have the right to object.

        If you become unable to decide about CPR, and you did not
        tell your doctor or others about your wishes in advance,
        a DNR order can be written with the consent of someone chosen
        by you, by a family member or by a close friend.  The person
        highest on the following list will decide about CPR for you:

        - the person chosen by you to make health care decisions
          under New York's Health Care Proxy Law;

        - a court appointed guardian (if there is one);

        - your closest relative (spouse, child, parent, sibling);

        - close friend.

   HOW CAN I SELECT SOMEONE TO DECIDE FOR ME ?

        The Health Care Proxy Law allows adults to select someone
        they trust to make all health care decisions for them when
        they are no longer able to do so themselves, including
        decisions about CPR.  You can name someone by filling out a
        health care proxy form, which you can get from your physician
        or other health care professionals.

   UNDER WHAT CIRCUMSTANCES CAN A FAMILY MEMBER OR CLOSE FRIEND DECIDE
     THAT A DNR ORDER SHOULD BE WRITTEN ?

        A family member or close friend can consent to a DNR order
        only when you are unable to decide for yourself and you have
        not appointed someone to decide for you.  Your family member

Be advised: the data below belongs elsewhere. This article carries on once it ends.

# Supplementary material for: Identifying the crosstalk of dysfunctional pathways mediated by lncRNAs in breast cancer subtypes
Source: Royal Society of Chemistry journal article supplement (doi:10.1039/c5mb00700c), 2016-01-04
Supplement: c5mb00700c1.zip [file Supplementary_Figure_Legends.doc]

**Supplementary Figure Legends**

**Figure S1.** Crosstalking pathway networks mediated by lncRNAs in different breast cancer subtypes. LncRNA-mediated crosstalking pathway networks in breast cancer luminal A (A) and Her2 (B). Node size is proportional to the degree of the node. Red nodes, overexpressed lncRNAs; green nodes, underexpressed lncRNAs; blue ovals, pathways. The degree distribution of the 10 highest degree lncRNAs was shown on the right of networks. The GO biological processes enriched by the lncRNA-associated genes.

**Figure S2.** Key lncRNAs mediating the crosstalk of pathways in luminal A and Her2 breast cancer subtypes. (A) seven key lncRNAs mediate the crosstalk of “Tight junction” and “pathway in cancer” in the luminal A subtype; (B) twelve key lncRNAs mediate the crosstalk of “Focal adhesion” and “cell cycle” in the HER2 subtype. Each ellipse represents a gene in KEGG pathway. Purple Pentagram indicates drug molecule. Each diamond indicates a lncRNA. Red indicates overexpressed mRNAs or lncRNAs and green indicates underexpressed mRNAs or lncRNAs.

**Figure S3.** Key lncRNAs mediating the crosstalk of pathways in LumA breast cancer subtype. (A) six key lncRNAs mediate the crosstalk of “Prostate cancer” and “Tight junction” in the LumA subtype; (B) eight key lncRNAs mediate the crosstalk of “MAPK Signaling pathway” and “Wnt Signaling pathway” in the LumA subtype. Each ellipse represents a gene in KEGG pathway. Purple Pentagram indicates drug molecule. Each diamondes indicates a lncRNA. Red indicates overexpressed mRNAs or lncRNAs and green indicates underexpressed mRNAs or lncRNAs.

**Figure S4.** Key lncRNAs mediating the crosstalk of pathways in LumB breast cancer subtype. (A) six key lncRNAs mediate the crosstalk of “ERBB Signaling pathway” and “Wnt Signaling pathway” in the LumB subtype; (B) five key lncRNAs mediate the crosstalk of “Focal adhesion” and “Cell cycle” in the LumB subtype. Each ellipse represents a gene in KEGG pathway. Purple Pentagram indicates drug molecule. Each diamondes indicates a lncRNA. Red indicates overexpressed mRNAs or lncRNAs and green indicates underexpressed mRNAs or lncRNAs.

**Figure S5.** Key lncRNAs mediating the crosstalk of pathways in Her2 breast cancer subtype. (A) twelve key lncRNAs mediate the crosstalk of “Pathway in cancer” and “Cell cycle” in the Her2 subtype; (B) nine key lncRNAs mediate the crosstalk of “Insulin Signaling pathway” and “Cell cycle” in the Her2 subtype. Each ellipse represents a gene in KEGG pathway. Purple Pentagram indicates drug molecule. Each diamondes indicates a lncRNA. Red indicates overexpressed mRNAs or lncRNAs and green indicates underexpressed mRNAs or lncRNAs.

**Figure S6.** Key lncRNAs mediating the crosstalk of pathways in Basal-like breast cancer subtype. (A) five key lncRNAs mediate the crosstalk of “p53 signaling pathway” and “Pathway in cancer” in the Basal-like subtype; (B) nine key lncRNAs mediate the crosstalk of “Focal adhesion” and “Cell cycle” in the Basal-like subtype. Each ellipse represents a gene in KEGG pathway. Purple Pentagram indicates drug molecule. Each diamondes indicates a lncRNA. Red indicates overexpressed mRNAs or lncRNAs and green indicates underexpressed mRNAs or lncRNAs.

Or friend can consent to a DNR order when:

        - you are terminally ill; or

        - you are permanently unconscious; or

        - CPR will not work (would be medically futile); or

        - CPR would impose an extraordinary burden on you given your
          medical condition and the expected outcome of CPR.

        Anyone deciding for you must base the decision on your
        wishes, including your religious and moral beliefs, or if
        your wishes are not known, on your best interests.

   WHAT IF MEMBERS OF MY FAMILY DISAGREE ?

        In a hospital or nursing home, your family can ask that the
        disagreement be mediated.  Your doctor can request mediation
        if he or she is aware of any disagreement among your family
        members.

   WHAT IF I LOSE THE ABILITY TO MAKE DECISIONS ABOUT CPR AND DO NOT
     HAVE ANYONE WHO CAN DECIDE FOR ME ?

        A DNR order can be written if two doctors decide that CPR